‘B’ started on about a dog being passive-aggressive.  Her example was a dog jumps up on the couch and comes over and puts his paw on your shoulder.  In his mind he’s elevating himself above you, but he’s not being aggressive.

Personally I don’t believe dogs are capable of that particular thought process.

But I played Sergeant Shultz, I said nothing.

The talk then turned to her two missing dogs and she said, they chose to travel with the wrong pack, we went off to a party and they spent the time stressed and anxious.  They’ll think twice next time.

I know when you are training a dog off-leash you play a lot of hide-n-seek.  Where you pop around a tree and wait a few seconds for your dog to ‘find’ you.  This was not hide-n-seek.  She left those dogs for a full five to seven minutes.

I said, it doesn’t matter to Delilah, she’s gotten stuck before but that won’t stop her from running off.

‘B’ said, well she trained you a long time ago.

Talk about a passive-aggressive statement.  It ticked me off so bad I wanted to rip off her arm and beat her over the head with it.

There’s no passive in that aggression.

(Yes her dogs did show up.  Apparently they went to wait for her by the car and returned to her when they heard her voice.)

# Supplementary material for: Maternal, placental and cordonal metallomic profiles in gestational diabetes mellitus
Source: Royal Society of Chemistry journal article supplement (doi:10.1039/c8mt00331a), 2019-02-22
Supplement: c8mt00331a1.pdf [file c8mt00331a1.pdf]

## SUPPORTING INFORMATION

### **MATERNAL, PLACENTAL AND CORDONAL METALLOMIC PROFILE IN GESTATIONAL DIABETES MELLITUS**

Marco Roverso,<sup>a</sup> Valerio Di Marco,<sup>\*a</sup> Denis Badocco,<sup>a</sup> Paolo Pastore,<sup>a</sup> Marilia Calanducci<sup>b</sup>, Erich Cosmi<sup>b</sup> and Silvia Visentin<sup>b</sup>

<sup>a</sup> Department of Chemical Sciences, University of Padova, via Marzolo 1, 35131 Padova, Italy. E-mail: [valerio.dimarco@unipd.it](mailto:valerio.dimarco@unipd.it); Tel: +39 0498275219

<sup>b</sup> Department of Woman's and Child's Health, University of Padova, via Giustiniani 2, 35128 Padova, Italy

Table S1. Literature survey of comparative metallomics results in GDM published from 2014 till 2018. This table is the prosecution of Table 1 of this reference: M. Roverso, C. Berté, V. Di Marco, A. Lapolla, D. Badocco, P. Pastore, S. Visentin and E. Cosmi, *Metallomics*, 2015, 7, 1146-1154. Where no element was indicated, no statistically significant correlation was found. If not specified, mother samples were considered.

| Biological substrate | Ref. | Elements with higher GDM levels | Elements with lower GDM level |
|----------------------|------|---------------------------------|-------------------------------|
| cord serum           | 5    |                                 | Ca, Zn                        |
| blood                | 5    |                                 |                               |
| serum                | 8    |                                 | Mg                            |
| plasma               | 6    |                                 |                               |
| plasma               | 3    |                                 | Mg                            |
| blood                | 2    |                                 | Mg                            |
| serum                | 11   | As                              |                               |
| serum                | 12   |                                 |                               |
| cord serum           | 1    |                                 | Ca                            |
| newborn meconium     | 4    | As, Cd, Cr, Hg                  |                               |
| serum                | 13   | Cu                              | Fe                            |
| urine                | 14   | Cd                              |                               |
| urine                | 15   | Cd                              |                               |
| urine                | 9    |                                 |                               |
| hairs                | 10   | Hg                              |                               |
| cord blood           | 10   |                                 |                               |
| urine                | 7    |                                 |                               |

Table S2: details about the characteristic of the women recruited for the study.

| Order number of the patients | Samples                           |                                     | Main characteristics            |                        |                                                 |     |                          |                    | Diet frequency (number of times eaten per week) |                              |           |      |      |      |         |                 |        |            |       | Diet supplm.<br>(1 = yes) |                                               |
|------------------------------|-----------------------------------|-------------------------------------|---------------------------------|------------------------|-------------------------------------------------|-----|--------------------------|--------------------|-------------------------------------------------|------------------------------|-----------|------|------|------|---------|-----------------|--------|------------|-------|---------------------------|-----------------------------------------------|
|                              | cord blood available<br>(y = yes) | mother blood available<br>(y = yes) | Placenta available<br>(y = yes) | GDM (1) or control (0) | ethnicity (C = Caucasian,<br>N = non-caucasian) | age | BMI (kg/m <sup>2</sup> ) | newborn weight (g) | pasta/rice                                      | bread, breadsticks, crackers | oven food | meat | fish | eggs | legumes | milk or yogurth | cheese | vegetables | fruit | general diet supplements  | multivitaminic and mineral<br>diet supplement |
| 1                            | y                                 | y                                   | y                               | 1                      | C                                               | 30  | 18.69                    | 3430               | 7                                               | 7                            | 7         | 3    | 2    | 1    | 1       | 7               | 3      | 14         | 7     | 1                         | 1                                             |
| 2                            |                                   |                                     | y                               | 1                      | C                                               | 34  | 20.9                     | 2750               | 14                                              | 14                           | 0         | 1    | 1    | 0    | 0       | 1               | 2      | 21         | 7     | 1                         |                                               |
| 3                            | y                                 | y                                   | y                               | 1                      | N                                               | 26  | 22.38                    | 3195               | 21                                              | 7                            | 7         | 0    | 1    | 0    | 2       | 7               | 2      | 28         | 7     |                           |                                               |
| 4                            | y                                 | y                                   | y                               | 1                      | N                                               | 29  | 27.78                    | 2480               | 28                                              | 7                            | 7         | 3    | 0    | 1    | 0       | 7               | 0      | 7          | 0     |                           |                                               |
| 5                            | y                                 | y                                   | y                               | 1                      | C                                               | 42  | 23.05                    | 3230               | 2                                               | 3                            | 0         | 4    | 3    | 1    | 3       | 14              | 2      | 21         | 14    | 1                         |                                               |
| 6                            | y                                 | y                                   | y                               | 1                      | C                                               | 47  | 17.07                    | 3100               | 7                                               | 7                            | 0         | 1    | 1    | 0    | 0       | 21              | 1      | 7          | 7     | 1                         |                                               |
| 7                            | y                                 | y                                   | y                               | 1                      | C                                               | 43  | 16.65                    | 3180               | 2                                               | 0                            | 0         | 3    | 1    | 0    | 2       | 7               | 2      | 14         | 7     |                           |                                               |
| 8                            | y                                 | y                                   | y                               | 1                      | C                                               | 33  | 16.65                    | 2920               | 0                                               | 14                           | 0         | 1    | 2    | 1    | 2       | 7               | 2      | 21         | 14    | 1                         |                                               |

Comments on: "Passive-Aggressive" (49)

  1. Hey, got a WTF for you. Check out my post for today its about dog left on mountain in Colorado. Unbelievable!!

  2. Wow Jodi – I can see why this experience was so aggravating. And yes, the B.S. fits perfectly. Don’t let people like that get you down. I think the work you are doing with Delilah is awesome, and just because is difficult or hard headed doesn’t mean they are “training you” – they just have a mind of their own. Shock collars rather than long line training, and dominance theories too. How frustrating. 😦 No wonder you prefer to walk alone.

    • As much as I believe in what I am doing, there are times like that where a comment can make me doubt myself. Not about the collar at all, but about her saying I was trained. No matter how you look at it, those words were meant to be hurtful and there is no reason for that! Poor dogs. Yes, I prefer to walk alone. 🙂

  3. Wow. I believe in teaching dogs what is right and wrong – but the whole dominance thing to me is silly. I am a strong believer in POSITIVE reinforcement. I don’t think I would like her very much 😦 Keep on doing what you are doing – it will only build the bond that you and your dogs share!!

    • I agree Julie. I would prefer a bond with my dog and I’m hoping they will see me in the future and realize that I did the right thing.

  4. Um, yeah… wow. That whole conversation would have made me cringe too. Absolutely ridiculous – pack leader nonsense and an electric collar? Shudder.